Movie Review: Is “Star Wars: The Last Jedi” a Subtly Regressive Movie?

By | December 18, 2017

“Let the past die. Kill it, if you have to.”–That the major villain of this movie (referring to both the Jedi and the Sith) says this is actually coded language against the small minority of viewers that would probably rather see something original than one more “greatest hits” version of 1978’s original “Stars Wars,” the surprise smash of the century that now seems to be practically holding science-fiction hostage.

2017 is notable for not featuring a large-scale, original sci-fi hit like “Gravity” or “Interstellar” (the best sections of “Blade Runner 2049” have almost nothing to do with the original film) and we may be facing a future where it’s hard for those movies to get made without slapping “Star” something (Trek or Wars or something Marvel-esque) to their title in some way and tying themselves to existing franchises. “The Last Jedi” mostly goes through the motions, both re-living the original trilogy (“Oh my God! Luke Skywalker! A Yoda cameo!”) and trying to be a commentary on it in some ways—Kylo Ren’s arc looks to be following Darth Vader’s before deviating wildly from it. Still, those hoping for a fresh take on “Star Wars” will be happier rewatching last year’s “Rogue One,” whose only real weakness was shoehorning in cameos of original trilogy characters.

What Works: There’s a spectacular sequence involving red-armored storm trooper bodyguards that really is the highlight of this film (it’s one of its few truly original touches), and a cool trick where Rey is multipied by several dozen versions of her in a mirror. There’s also some cute creatures on the island Luke spends his self-imposed exile on, and Benicio Del Toro is a welcome addition as one of “Star Wars” few morally ambiguous characters.

What Doesn’t: Damon Poe is no Han Solo, and Finn is no Lando Calrissian. There’s just a severe charisma deficit by most of the younger stars, and it’s telling that “The Force Awakens” most compelling screen presence was Han Solo, who–obviously–isn’t featured here. What is featured is Mark Hamill, who’s never been the best actor in the world and Carrie Fisher’s final screen work, which may have been completed with the assistance of CGI. Even though the original “Star Wars” trilogy isn’t perfect, there’s just been something missing from the new trilogy, a mythic quality that fills most scenes with child-like wonder. That may in part be because of the overzealous hand of Kathleen Kennedy, a producer that seems hell-bent on being a director, firing Josh Trank from a standalone “Star Wars” film, Colin Trevorrow from the final film in this trilogy, and Phil Lord/Christopher Miller mid-production on the Han Solo prequel. The somewhat generic, depersonalized, Marvel-ization of a world that once felt wondrous is probably what we can expect from more studio franchises that shift the focus from director to producer.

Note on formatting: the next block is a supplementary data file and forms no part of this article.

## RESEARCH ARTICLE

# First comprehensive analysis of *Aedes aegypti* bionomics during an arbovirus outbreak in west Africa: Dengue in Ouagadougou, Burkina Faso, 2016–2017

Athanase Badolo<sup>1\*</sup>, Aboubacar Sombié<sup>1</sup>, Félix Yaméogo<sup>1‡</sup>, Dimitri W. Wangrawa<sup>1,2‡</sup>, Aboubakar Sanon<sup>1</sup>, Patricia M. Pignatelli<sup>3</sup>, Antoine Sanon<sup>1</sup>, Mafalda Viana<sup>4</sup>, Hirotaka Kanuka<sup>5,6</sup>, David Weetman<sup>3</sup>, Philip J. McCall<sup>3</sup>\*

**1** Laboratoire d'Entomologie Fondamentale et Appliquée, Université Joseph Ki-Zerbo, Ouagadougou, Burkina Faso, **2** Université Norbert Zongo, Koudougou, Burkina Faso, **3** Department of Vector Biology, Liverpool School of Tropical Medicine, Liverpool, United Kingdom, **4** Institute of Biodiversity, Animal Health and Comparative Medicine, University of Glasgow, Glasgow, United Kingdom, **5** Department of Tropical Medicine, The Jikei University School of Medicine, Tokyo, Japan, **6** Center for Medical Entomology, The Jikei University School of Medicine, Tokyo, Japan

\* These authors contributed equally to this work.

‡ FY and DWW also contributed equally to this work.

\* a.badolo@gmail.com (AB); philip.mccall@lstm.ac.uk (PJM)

What I Would Have Done Differently: “Like we give a shit, these films are printing money and the public is content to gobble up mediocrity, why mess with success? We’re not trying to win Oscars or make long-lasting experiences, DVD is dead and people will stream something else in a month or two.”–What I imagine a Star Wars executive’s official response would be.

But it’s my opinion that even though the execution was horrible, the loathed George Lucas prequels actually had a better plot foundation than this new trilogy does. Again, the acting, directing, staging, etc. left a lot to be desired, but the core idea (Anakin’s Darth Vader arc from Jedi to Sith Lord) was about the seductive clarity and force of fascism (“the dark side”) in an age when the democratic good guys can’t stop fighting and squabbling amongst each other. That’s an interesting and uncomfortable idea for a mega-budget franchise—Lucas supposedly based the original “Star Wars” trilogy off WWII or storm troopers=nazis, specifically, so the prequels are really about WWI and the Treaty of Versailles that led to Hitler’s rise—and there’s just nothing half as good in this trilogy, hellbent on being a cover band version of the originals.

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